Events of the last few months, from the pandemic to protests ignited by the killing of George Floyd in the US, have thrust racial, ethnic and gender inequality into the spotlight.
Financial institutions are rethinking their approach to diversity and inclusion: indeed, over 70% of respondents to a survey during a recent Euromoney webinar said that their institution is doing just this.
In addition to pledging funding to minority communities, banks and other financial firms are assessing how they may be supporting the status quo through their business operations, and therefore what they need to change.
We’ve been looking at how our performance metrics may have meant we have been selecting without considering up-and-coming leaders who may not have the same networks as others
– Brandee McHale, Citi
Adebola Osakwe, global head of inclusion and diversity at global investor KKR, says: “Within finance, those bulge-bracket institutions that have had policies in place for years are fine-tuning their actions – and for those in the US that means a more intentional focus on black and African-American employees. For lack of a better term, we’re seeing a ‘reboot’, a doubling down now around D&I.”
Osakwe, who joined KKR five years ago to spearhead a global inclusion strategy, adds that the private equity sector broadly lags large investment banks, but points out that her firm has made particular efforts over the last few years to address diversity and inclusion among employees, supply-chain and portfolio companies.
In recruitment, for example, KKR has reintroduced analyst roles so that it can hire diverse talent at an earlier stage to be trained and developed.
“Some communities lack access and networks and therefore may not be putting themselves in your applicant pool,” says Osakwe. “You have to do more to find them and bring them on board and prepare them, so we reintroduced an analyst programme.”
She adds that the firm is making sure the new recruits are competitive and supported.
Brandee McHale, head of community investing and development at Citi, says there is a tendency in the financial sector – often unconscious – to favour recruits from certain universities instead of considering those who may not have had access to networks or support to attend such institutions, but may well have just the skills for the job.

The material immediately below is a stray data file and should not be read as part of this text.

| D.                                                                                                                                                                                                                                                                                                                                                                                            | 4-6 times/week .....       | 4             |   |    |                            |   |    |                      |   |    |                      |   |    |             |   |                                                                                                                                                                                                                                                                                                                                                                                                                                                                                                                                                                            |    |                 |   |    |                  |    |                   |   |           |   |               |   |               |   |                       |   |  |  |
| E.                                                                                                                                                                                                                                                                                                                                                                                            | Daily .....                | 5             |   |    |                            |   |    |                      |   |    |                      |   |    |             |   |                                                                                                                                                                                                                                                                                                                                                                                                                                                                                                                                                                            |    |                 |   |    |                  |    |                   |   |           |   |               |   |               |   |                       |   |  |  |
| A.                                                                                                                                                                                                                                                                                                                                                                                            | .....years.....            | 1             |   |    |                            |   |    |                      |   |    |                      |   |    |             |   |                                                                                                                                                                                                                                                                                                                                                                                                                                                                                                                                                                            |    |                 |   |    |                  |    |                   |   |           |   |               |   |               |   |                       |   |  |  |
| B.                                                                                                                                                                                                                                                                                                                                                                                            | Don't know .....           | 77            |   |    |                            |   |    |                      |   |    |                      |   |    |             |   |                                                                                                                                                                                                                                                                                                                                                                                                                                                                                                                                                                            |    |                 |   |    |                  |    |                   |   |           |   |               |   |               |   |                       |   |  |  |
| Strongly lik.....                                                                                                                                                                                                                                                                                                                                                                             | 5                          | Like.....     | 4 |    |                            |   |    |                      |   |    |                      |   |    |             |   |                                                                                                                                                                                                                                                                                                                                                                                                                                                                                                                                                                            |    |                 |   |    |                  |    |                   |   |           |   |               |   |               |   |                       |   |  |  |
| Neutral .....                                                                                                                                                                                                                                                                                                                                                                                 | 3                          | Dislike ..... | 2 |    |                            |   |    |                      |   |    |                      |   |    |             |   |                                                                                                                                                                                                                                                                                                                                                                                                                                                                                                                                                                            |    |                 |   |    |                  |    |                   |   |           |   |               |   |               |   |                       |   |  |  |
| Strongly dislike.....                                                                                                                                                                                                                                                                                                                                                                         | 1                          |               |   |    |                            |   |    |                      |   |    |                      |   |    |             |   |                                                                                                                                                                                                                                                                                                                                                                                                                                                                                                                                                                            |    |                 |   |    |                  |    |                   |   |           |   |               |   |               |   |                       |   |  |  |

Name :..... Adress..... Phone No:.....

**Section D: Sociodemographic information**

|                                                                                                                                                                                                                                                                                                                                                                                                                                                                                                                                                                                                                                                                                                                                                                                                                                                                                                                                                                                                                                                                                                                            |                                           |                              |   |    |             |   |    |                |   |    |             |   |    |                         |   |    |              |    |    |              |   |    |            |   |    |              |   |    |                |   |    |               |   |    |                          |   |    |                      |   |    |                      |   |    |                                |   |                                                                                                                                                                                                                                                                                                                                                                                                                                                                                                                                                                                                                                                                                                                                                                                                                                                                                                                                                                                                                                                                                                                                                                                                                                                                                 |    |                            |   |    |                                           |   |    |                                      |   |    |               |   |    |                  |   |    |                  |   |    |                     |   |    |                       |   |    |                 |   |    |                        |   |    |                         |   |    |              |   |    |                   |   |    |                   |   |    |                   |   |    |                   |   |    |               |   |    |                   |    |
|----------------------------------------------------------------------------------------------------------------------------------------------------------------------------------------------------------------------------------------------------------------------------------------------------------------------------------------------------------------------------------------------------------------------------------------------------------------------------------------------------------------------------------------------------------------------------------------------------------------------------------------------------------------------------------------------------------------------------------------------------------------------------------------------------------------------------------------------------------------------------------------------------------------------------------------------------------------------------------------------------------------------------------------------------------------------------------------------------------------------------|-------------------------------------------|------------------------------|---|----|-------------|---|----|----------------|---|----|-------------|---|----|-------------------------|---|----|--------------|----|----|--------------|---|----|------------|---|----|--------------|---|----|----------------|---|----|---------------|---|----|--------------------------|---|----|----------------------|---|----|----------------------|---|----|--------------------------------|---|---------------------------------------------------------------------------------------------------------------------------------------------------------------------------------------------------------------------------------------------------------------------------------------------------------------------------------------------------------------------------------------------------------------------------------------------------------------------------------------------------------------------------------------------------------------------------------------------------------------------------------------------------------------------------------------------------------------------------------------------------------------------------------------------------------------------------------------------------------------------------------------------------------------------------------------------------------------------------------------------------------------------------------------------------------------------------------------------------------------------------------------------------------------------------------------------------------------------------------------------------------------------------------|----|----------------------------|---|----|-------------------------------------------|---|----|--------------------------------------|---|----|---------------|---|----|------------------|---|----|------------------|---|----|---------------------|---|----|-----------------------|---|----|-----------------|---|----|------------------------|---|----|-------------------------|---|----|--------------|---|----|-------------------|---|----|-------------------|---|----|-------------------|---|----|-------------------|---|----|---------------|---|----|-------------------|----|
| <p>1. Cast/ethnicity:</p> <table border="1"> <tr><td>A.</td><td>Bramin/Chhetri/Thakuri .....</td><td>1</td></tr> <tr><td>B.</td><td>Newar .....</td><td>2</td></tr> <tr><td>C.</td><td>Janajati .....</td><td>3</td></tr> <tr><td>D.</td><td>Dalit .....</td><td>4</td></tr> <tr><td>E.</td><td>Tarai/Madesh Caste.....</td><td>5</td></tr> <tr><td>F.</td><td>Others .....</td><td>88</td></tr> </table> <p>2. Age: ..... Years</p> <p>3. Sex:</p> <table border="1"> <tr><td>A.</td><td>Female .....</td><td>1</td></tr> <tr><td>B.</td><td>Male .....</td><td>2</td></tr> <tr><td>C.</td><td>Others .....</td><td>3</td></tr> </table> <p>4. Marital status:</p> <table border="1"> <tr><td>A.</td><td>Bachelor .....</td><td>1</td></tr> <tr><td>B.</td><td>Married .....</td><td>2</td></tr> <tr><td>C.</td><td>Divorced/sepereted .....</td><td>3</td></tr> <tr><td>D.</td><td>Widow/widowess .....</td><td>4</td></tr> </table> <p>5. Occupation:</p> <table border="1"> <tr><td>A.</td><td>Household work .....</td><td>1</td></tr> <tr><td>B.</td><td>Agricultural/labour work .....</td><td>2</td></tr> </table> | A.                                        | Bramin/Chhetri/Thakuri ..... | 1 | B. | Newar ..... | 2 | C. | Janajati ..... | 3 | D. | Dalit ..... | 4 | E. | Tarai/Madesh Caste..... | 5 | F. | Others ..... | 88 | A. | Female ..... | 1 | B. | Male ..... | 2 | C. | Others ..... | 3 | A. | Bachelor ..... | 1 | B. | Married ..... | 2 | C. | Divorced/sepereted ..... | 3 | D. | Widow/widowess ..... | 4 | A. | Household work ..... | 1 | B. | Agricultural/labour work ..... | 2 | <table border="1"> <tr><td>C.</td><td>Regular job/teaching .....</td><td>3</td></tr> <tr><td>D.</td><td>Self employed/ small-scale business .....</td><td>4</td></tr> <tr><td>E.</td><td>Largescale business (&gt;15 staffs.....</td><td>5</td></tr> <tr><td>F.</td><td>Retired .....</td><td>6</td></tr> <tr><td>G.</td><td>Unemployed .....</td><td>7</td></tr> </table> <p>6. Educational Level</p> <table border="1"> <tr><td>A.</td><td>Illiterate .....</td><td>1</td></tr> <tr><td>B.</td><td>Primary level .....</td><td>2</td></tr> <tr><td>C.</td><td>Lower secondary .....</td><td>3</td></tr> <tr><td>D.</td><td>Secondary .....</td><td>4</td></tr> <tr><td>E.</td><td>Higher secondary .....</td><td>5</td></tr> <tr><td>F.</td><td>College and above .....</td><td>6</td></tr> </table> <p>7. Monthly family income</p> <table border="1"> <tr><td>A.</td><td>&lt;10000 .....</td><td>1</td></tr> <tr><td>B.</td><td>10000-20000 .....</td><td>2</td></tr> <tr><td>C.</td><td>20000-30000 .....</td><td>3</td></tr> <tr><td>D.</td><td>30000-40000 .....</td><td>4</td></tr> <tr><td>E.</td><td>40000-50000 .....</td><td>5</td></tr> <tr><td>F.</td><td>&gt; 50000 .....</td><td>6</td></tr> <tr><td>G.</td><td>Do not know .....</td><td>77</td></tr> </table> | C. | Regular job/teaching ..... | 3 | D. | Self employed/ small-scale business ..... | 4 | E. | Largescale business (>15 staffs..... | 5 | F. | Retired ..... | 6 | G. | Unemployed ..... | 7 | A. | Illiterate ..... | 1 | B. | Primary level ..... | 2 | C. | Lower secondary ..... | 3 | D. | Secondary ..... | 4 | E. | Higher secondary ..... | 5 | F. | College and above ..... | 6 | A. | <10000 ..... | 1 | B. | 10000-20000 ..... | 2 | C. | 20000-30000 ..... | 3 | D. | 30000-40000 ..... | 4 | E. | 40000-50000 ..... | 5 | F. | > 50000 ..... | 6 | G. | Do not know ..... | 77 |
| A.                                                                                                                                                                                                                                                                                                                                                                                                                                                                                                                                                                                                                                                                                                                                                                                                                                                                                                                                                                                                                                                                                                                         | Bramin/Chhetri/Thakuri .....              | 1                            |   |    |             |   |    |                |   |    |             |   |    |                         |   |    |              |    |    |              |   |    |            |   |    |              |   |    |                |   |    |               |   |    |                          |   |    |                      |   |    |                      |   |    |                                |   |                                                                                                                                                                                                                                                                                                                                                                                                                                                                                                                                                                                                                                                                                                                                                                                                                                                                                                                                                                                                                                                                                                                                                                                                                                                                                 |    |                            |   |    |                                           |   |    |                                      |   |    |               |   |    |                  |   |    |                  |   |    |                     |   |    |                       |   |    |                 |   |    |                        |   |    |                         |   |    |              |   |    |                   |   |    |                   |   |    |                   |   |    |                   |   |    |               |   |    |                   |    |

“We’re subconsciously taught that people are special if they go to certain schools,” says McHale.
Citi has been running its Pathways to Progress programme that works with those who don’t have access to networks to prepare for careers.
McHale also points out that the firm is redesigning its screening process for selecting non-profit organizations to work with: “We’ve been looking at how our performance metrics may have meant we have been selecting without considering up-and-coming leaders who may not have the same networks as others.”
It may seem that monitoring for diversity is fairly simple, but Osakwe points out that it is much more difficult to make sure boxes are being more than ticked.
“You can look at hiring and attrition rates and seniority of employees, for example,” she says, “but it is more challenging to measure for inclusiveness. We run an engagement survey to see if individuals feel a sense of belonging, whether their managers are helping them progress etc, and then seeing if the answers are different for minorities and seek to understand what’s at play.”
While hiring and retention tends to be the main point of focus when it comes to enacting a D&I strategy, increased awareness of systemic racism and inequality has led financial institutions to look further.
Nandita Bakhshi is president and chief executive of Bank of the West, owned by BNP Paribas. She points out that there are many ways a financial institution can be impactful through its businesses – including influencing clients.
“We have to work with clients because we cannot do this alone,” she says.
BNP Paribas Asset Management seeks to influence greater board diversity through its shareholder engagement
– Nandita Bakhshi, Bank of the West
She points to a sustainability linked loan that BNP Paribas made to professional services firm WSP where the interest rate decreases as gender-targets are hit (among other environmental, social and governance key performance indicators).
Shareholder engagement is another means for financial institutions to influence clients.
“BNP Paribas Asset Management seeks to influence greater board diversity through its shareholder engagement,” Bakhshi says.
Also, if financial institutions are truly embracing ESG, she adds, inclusion naturally becomes embedded.
Micro-finance and inclusive finance offer financial institutions another opportunity to bring equity to bear through their business lines.
Bank of the West has been working with Grameen America, for example, opening a branch to help women in Fresno, California.
“Some 76,000 women are living below t